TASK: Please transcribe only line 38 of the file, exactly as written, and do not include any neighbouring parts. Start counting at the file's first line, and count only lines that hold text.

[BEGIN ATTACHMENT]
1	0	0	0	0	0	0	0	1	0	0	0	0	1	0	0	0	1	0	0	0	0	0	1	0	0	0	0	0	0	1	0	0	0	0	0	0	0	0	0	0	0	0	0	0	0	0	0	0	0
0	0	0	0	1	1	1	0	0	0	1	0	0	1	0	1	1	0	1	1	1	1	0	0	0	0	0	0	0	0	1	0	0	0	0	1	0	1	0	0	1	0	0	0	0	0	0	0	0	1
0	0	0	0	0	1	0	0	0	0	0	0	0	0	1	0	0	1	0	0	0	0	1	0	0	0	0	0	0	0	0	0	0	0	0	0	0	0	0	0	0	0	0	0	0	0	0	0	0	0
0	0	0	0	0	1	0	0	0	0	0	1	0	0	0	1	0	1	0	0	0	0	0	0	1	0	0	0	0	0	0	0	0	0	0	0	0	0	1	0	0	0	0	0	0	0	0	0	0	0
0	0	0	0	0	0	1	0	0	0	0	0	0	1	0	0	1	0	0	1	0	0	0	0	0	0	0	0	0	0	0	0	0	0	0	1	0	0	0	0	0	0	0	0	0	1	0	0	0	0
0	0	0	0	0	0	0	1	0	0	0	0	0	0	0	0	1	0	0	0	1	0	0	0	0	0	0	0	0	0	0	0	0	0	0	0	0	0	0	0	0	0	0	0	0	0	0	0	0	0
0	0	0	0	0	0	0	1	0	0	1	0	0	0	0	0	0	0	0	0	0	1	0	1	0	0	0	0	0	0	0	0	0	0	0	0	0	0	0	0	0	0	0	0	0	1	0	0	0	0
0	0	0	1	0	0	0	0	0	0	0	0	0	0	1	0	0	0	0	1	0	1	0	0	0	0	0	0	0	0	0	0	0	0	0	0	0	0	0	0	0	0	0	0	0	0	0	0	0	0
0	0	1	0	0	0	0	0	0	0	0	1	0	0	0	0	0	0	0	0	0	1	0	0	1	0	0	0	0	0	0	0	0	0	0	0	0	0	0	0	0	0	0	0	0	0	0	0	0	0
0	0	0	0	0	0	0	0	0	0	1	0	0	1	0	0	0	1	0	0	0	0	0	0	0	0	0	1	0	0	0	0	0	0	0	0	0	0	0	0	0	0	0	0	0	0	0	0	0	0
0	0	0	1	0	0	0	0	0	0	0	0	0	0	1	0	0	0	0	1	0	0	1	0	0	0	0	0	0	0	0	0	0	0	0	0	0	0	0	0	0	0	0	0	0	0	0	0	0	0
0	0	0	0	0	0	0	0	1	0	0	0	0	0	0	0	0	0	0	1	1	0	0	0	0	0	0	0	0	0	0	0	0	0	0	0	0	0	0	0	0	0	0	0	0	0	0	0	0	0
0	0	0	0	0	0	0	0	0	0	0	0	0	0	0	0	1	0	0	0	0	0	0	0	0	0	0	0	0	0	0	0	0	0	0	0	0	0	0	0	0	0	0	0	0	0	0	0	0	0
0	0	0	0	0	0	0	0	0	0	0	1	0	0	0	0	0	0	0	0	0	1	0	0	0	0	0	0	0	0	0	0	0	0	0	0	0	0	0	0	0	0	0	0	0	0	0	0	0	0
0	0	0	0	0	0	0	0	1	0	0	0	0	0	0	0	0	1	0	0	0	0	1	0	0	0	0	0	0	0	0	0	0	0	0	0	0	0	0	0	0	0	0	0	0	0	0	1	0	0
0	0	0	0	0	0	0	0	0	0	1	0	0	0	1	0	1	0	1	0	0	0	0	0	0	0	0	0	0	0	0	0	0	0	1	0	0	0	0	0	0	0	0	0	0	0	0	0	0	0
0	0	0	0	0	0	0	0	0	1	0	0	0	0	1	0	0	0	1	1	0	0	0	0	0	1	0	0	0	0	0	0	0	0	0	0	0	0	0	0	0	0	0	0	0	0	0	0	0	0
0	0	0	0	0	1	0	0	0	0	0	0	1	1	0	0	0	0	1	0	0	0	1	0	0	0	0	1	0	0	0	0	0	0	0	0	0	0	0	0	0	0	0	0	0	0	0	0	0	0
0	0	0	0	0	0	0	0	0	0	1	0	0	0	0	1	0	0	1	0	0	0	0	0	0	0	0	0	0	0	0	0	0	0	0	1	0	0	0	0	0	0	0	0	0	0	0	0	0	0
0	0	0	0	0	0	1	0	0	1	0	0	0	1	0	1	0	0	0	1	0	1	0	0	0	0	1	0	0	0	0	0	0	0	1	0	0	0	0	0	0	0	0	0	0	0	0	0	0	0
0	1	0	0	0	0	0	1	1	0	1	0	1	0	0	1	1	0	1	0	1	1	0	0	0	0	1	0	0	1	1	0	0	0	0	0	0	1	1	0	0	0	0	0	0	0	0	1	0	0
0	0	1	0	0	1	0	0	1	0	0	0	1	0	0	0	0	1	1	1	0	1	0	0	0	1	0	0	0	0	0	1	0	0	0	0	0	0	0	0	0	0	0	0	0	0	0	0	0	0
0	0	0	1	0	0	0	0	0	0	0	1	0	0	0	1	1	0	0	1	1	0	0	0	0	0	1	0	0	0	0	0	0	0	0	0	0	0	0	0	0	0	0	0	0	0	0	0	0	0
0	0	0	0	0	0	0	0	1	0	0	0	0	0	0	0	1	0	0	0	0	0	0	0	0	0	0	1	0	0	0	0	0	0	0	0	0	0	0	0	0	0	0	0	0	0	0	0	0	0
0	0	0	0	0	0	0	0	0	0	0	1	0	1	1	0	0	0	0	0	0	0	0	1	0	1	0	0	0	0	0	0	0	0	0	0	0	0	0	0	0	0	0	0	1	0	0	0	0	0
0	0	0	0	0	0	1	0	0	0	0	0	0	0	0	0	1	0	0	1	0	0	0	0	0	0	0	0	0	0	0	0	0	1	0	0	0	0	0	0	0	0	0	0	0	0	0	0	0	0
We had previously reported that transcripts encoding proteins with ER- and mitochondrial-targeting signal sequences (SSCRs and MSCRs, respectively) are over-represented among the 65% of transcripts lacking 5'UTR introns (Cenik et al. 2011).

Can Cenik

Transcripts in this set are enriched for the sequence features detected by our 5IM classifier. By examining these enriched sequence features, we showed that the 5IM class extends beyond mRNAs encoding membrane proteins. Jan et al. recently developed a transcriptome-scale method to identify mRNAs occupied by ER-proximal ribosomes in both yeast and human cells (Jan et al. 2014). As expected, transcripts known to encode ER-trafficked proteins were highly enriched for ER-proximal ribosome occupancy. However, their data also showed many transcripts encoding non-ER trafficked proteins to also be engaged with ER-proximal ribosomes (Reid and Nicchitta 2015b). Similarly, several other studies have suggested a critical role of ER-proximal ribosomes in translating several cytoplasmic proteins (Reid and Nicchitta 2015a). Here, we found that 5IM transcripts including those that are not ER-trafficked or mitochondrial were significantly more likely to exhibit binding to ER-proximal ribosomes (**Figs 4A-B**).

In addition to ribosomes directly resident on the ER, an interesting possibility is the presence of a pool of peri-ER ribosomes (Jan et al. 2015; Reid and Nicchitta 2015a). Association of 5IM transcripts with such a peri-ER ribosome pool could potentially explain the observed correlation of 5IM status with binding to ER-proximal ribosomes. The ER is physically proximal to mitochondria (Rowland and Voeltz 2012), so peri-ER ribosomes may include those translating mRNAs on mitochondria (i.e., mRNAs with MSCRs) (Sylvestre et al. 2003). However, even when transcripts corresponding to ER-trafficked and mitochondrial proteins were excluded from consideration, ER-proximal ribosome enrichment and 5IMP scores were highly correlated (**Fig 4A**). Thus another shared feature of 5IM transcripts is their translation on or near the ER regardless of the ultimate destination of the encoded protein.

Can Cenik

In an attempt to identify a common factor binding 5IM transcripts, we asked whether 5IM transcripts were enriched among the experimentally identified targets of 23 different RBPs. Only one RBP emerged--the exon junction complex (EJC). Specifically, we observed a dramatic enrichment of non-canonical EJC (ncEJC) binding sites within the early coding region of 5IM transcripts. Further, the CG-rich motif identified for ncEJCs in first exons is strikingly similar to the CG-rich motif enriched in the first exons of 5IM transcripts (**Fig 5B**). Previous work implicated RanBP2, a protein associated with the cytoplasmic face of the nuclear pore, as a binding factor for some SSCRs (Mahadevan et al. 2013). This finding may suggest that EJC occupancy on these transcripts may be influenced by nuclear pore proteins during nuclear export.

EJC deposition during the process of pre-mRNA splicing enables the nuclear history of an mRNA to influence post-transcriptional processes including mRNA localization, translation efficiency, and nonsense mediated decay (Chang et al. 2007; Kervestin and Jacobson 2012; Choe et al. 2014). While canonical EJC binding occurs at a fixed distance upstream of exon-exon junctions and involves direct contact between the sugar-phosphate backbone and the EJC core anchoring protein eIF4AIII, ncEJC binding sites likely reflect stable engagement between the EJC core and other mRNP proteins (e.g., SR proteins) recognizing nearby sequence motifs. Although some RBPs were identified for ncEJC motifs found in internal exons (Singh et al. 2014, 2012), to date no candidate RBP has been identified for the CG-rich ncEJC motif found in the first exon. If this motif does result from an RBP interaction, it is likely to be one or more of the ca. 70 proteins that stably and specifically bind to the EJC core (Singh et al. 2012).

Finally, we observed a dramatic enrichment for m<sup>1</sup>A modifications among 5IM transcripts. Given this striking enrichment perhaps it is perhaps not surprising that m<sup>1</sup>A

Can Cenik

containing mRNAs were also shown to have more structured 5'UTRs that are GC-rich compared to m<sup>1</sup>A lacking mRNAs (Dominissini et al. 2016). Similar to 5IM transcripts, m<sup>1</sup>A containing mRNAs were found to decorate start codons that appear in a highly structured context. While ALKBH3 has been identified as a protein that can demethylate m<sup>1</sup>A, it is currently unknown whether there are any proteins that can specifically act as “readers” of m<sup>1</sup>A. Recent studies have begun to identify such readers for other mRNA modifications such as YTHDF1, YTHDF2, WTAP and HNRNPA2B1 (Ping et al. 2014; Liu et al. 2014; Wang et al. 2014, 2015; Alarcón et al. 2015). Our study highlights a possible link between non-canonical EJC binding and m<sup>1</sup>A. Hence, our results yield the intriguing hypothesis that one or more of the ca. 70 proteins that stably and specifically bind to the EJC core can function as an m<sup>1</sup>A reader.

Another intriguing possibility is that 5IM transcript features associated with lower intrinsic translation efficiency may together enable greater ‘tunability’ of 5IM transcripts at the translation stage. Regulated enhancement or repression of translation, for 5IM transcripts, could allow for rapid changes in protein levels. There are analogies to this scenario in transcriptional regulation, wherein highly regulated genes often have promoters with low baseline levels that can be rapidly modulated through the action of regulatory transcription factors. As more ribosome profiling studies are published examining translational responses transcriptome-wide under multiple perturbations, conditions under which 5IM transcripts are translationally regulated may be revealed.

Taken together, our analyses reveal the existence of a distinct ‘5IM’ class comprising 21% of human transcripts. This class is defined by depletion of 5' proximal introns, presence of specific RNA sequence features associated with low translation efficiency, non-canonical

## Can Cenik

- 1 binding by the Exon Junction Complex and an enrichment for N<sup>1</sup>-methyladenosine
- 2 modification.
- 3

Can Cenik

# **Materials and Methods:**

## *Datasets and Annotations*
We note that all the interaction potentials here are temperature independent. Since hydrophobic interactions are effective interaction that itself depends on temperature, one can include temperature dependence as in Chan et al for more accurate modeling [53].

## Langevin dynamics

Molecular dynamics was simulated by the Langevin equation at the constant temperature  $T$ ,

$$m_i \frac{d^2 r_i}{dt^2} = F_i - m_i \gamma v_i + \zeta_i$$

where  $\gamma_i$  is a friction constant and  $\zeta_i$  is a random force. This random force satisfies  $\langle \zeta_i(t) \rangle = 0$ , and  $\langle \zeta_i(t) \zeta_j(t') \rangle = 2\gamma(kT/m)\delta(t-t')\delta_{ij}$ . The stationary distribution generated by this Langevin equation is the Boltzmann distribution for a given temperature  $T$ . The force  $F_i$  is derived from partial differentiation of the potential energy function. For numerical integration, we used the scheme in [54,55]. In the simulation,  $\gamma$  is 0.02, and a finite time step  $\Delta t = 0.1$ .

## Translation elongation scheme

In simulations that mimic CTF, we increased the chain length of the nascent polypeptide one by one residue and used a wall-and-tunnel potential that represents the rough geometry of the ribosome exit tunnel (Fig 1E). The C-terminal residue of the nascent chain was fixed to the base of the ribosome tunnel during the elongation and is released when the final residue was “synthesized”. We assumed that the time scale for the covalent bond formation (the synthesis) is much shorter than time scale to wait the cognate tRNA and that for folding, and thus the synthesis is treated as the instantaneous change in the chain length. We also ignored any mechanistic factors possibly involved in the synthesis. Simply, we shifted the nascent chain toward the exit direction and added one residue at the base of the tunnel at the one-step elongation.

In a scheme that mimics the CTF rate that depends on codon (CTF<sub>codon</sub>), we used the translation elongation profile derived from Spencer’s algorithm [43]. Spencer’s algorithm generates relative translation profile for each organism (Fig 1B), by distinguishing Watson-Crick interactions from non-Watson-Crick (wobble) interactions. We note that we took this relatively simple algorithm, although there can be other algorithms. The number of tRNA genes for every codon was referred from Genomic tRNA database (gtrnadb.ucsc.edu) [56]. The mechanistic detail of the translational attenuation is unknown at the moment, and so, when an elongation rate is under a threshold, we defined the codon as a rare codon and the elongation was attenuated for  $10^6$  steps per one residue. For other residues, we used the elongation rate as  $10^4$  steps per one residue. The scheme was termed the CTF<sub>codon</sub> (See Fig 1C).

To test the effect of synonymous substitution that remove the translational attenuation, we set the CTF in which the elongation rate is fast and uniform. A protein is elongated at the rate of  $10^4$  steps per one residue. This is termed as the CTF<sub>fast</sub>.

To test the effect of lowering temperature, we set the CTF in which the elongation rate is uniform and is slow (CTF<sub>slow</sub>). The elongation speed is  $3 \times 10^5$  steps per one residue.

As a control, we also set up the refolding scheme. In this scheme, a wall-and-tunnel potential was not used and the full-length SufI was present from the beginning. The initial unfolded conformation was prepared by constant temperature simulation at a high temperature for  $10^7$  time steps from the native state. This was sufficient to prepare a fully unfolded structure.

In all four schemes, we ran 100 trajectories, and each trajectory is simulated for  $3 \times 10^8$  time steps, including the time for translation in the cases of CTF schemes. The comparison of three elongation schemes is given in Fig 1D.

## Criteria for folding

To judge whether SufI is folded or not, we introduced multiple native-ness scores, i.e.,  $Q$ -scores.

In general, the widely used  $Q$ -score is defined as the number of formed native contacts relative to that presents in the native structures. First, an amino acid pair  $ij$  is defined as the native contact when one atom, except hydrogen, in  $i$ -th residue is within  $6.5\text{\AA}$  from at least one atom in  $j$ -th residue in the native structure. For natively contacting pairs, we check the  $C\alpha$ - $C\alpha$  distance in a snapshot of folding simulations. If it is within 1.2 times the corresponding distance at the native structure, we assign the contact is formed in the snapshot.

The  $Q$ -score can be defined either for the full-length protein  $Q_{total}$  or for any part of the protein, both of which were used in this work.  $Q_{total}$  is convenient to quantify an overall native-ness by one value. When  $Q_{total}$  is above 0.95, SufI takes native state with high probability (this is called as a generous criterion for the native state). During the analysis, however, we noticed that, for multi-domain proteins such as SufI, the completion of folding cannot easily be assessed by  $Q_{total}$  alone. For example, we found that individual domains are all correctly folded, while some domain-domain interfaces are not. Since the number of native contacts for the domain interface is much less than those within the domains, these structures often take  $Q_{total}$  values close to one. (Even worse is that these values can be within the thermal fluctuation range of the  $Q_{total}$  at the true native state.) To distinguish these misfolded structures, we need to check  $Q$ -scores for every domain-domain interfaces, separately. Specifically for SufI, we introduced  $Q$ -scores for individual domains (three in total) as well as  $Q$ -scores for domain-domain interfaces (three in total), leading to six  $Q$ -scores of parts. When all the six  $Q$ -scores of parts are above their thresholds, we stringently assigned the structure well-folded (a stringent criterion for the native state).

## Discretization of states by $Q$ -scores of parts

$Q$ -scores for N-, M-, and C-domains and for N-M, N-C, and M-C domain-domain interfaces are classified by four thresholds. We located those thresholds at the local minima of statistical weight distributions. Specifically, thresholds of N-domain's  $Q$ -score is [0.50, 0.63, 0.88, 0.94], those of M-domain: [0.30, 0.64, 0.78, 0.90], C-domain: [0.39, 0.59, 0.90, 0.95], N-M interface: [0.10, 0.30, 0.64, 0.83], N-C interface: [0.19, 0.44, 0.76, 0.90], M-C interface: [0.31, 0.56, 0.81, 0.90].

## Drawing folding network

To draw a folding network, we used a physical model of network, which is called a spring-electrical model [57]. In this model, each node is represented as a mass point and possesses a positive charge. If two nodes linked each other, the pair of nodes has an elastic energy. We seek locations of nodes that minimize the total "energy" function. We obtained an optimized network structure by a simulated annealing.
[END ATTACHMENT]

Taken together, our analyses reveal the existence of a distinct ‘5IM’ class comprising 21% of human transcripts. This class is defined by depletion of 5' proximal introns, presence of specific RNA sequence features associated with low translation efficiency, non-canonical